Killing all the men in games has exhausted my senses and disintegrated my trigger finger. All Michael may hear is Radio Ga Ga in the latest GTA V trailer, yet the only din my ears are picking up are the constant wails of Liberty City wiseguys. Sandbox slaughter is the norm in the genre Rockstar has come to define. Digital murder peppers everything from Just Cause 2’s balmy peninsula to the relentless ‘homicide by anaconda-shaped sex toy’ in Saints Row: The Third. It’s why I’ve recently been drawn back to Niko Bellic’s downbeat tale. Thanks to an accidental revelation, I’ve found you can play the role of martyred peacemaker in GTA IV… albeit one who cripples a lot of folk.
At this point I must confess a smidge of an obsession for the 2008 open worlder. I’ve played through Rockstar North’s Rotten Apple adventure four times. It’s now reached the point where I feel so comfortable navigating its intensely familiar hive of sociopathic streets, I could draw you a mental map charting a taxi-stealing, pigeon-shooting, unique stunt jump-strewn journey through the Edinburgh developer’s twisted love letter to New York.
And yet somehow, I’ve only just realised you can spare enemies during a fifth run-through. Opt for the game’s manual aiming over the overly handheld lock-on system and you can merrily fill gangsters’ shins with a concentrated, incapacitating, but crucially non-lethal, dose of lead.
Reaching the graffiti-smeared corners of South Bohan roughly a third of the way through GTA IV, I flicked to the stats screen and was greeted by a welcome surprise. I’d ‘only’ killed 21 people. Now, this may seem trivial, but this numerical wrap sheet represented a concerted effort on my behalf to play the part of Niko The Merciful. By repeatedly forgoing the obvious headshot and shooting foes’ legs until they keeled over, I’d purposely spared two thirds of the virtual low-lives the game had forced me to fight.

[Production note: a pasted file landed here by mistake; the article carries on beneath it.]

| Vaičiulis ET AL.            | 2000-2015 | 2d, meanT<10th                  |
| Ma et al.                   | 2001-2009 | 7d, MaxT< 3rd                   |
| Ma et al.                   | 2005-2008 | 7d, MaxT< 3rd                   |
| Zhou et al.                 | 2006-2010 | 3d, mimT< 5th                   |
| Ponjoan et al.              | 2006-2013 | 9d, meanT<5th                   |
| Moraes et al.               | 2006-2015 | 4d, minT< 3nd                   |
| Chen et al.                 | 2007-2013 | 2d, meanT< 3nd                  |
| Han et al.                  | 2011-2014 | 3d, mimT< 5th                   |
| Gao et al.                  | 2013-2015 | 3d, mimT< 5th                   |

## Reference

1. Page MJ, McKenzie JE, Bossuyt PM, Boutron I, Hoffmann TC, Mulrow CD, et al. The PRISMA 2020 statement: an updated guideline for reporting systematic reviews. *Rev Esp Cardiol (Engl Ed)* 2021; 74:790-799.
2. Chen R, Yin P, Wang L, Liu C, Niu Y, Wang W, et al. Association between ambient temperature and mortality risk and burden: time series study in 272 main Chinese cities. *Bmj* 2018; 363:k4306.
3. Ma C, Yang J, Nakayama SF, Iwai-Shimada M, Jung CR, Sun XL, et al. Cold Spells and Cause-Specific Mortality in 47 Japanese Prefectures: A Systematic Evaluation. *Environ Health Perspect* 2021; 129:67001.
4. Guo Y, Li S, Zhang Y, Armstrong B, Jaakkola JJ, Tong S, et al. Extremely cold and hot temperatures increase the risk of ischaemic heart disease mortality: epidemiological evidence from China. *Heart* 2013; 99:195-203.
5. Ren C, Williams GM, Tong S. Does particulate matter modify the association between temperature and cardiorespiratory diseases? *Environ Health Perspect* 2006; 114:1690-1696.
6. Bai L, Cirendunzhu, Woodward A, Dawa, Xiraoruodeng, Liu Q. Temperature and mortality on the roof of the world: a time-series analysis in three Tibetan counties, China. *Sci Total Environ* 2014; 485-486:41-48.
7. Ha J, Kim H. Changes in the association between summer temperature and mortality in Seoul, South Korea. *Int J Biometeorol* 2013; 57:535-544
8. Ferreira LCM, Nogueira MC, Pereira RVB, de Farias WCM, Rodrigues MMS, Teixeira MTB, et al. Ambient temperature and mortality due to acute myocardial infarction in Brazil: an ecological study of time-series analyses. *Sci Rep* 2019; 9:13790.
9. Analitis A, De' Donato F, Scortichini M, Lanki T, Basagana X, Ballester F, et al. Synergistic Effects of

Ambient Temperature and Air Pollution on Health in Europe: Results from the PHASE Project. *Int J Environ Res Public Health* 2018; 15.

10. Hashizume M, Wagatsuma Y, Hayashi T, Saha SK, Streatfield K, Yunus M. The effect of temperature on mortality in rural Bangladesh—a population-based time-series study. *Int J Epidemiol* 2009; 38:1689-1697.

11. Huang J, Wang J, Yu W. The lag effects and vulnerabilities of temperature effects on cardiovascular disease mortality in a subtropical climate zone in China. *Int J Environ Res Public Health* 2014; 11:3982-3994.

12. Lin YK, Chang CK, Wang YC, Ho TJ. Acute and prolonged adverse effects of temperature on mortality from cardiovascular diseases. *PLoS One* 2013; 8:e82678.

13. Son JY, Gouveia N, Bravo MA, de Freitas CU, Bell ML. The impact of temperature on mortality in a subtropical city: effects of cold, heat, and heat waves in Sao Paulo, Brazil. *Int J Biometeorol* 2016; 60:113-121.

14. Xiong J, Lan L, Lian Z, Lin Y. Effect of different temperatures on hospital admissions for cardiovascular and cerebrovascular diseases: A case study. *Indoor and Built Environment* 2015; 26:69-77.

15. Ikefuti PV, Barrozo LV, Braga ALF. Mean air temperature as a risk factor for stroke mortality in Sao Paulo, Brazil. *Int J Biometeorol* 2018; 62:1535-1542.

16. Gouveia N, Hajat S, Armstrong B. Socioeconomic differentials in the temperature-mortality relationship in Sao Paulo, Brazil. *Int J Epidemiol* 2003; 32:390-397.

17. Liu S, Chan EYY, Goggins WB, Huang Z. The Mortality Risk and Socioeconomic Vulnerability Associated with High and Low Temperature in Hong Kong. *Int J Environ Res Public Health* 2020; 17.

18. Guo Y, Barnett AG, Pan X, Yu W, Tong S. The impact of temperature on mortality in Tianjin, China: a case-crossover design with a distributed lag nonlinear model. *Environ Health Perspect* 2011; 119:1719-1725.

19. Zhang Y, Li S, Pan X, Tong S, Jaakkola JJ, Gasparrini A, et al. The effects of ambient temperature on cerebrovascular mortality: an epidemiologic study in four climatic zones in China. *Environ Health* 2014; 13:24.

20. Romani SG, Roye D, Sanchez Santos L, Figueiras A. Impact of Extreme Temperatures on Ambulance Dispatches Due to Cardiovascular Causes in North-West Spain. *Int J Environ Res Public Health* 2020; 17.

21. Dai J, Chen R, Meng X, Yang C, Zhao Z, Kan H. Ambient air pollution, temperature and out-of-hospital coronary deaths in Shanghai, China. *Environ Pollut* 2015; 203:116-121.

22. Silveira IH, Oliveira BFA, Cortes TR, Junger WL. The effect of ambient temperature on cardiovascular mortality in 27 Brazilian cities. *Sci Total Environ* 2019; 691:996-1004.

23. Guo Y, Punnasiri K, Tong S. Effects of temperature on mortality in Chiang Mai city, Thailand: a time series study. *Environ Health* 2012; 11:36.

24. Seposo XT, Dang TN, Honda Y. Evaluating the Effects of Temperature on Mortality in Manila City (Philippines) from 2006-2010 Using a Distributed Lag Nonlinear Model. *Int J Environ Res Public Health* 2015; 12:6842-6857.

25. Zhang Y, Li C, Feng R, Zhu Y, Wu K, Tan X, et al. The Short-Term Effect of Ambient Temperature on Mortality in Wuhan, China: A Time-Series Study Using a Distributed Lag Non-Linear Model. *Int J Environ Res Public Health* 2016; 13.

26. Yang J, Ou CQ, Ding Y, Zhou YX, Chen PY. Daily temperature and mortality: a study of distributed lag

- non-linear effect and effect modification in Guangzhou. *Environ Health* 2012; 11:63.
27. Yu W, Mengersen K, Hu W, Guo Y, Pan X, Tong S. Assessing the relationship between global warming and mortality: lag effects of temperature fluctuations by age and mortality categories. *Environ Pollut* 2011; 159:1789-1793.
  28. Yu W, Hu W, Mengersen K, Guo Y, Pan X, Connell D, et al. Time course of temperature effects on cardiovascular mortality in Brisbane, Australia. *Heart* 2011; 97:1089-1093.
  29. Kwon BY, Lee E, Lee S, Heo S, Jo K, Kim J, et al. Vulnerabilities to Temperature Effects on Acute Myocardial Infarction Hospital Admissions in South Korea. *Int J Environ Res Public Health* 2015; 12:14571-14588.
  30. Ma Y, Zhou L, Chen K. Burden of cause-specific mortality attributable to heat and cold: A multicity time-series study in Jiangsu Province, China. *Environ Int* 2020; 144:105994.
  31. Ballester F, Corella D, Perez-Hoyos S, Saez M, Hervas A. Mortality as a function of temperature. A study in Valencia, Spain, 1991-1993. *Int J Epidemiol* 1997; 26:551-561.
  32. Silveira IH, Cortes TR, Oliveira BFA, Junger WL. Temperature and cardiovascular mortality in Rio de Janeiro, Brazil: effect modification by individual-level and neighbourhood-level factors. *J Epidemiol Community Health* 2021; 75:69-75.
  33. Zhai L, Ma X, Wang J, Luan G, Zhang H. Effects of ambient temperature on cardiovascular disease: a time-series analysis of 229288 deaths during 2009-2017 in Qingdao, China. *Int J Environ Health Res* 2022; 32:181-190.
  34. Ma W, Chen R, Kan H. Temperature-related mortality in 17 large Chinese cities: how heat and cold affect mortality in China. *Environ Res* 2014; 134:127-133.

The highlight of these ludicrously self-enforced attempts at murder-free play? A battle with Mikhail Faustin on the roof of his gaudy Perestroika cabaret club, which saw one of my knee-bound bullets send the Russian kingpin spiralling onto the rundown Broker streets below. Bizarrely, the game subsequently failed to register his death because of said tumble. As Tom Cruise’s hitman in Collateral would coolly quip: “I only shot him, it was the bullets and that fall killed him”
No doubt you’ll think me mad, but dodging the role of death-dealer became hugely important to the in-game narrative I was painting. Namely, a tapestry where the body count was at least semi believable. Though Bioshock Infinite’s musings on the nature of fate were persuasive, any empathy I had for Booker or the perceived value of Elizabeth’s life was immediately torpedoed to pieces when I realised I’d killed over 350 people by the time I reached the frenzied Zeppelin finale.
Games pay little heed to the towering piles of corpses you amass. ‘Affable’ Nathan Drake slaughters more people than Jason Voorhees managed in a month of Friday the 13ths. In contrast, Elizabeth Báthory, a countess of 16th century Norwegian nobility and one of history’s most prolific serial killers, butchered a mere 80 souls. Hell, rebooted (supposedly reticent and vulnerable) Lara rifles through that grizzly tally within the first two hours of Tomb Raider. It’s not the morality of digital murder that bothers me, just the shredded credibility of the numbers involved. Mired in martyrdom, this clawing desire for any semblance of believability is why I spared those hoodlums in GTA IV.
That the game can facilitate my esoteric madness is testament to Liberty City’s craft and detail. This is a metropolis that feels uniquely alive, with a level of believable bustle that transcends the dead-eyed civilians found in a Sleeping Dogs. A working internet allows you to browse wonderfully dark dating profiles. Bin men joylessly ferry around the regimented avenues of Algonquin on their morning rounds. While working, deeply satirical TV channels feel more apt than ever with their terrifying peeks into our reality-obsessed culture. Niko’s city exists irrespective of his presence, not because of it.
No, history hasn’t been kind to GTA IV’s antiquated, brazenly harsh lack of mid-mission checkpoints. Yet the game is imbued with a level of sharp personality that still readily glistens in the memory, half a decade on from its release. Personally, I’d rather cruise around Alderney listening to adverts for America’s Next Top Hooker in my banged-up Esperanto saloon than joylessly mow through balaclava-wearers in a hundred military shooters.
Though unabashedly silly in places, GTA IV feels relevant to our world like few other games. True, its often farcical caricatures of Eastern Europeans pining for the American Dream is drawn with the broadest of brushstrokes. But covering the subject of immigration at all feels vastly more pertinent to a medium striving to spin genuinely adult yarns than the generic galaxy-saving quests games love to send us on.
Like Metal Gear Solid 2’s tranq-happy escapades, GTA IV gives you a refreshing (if clandestine) scope to avoid playing the virtual Reaper. Now, if GTA V will just allow me to passively disarm dudes with gaming’s most adorable Rottweiler, I’ll really be set.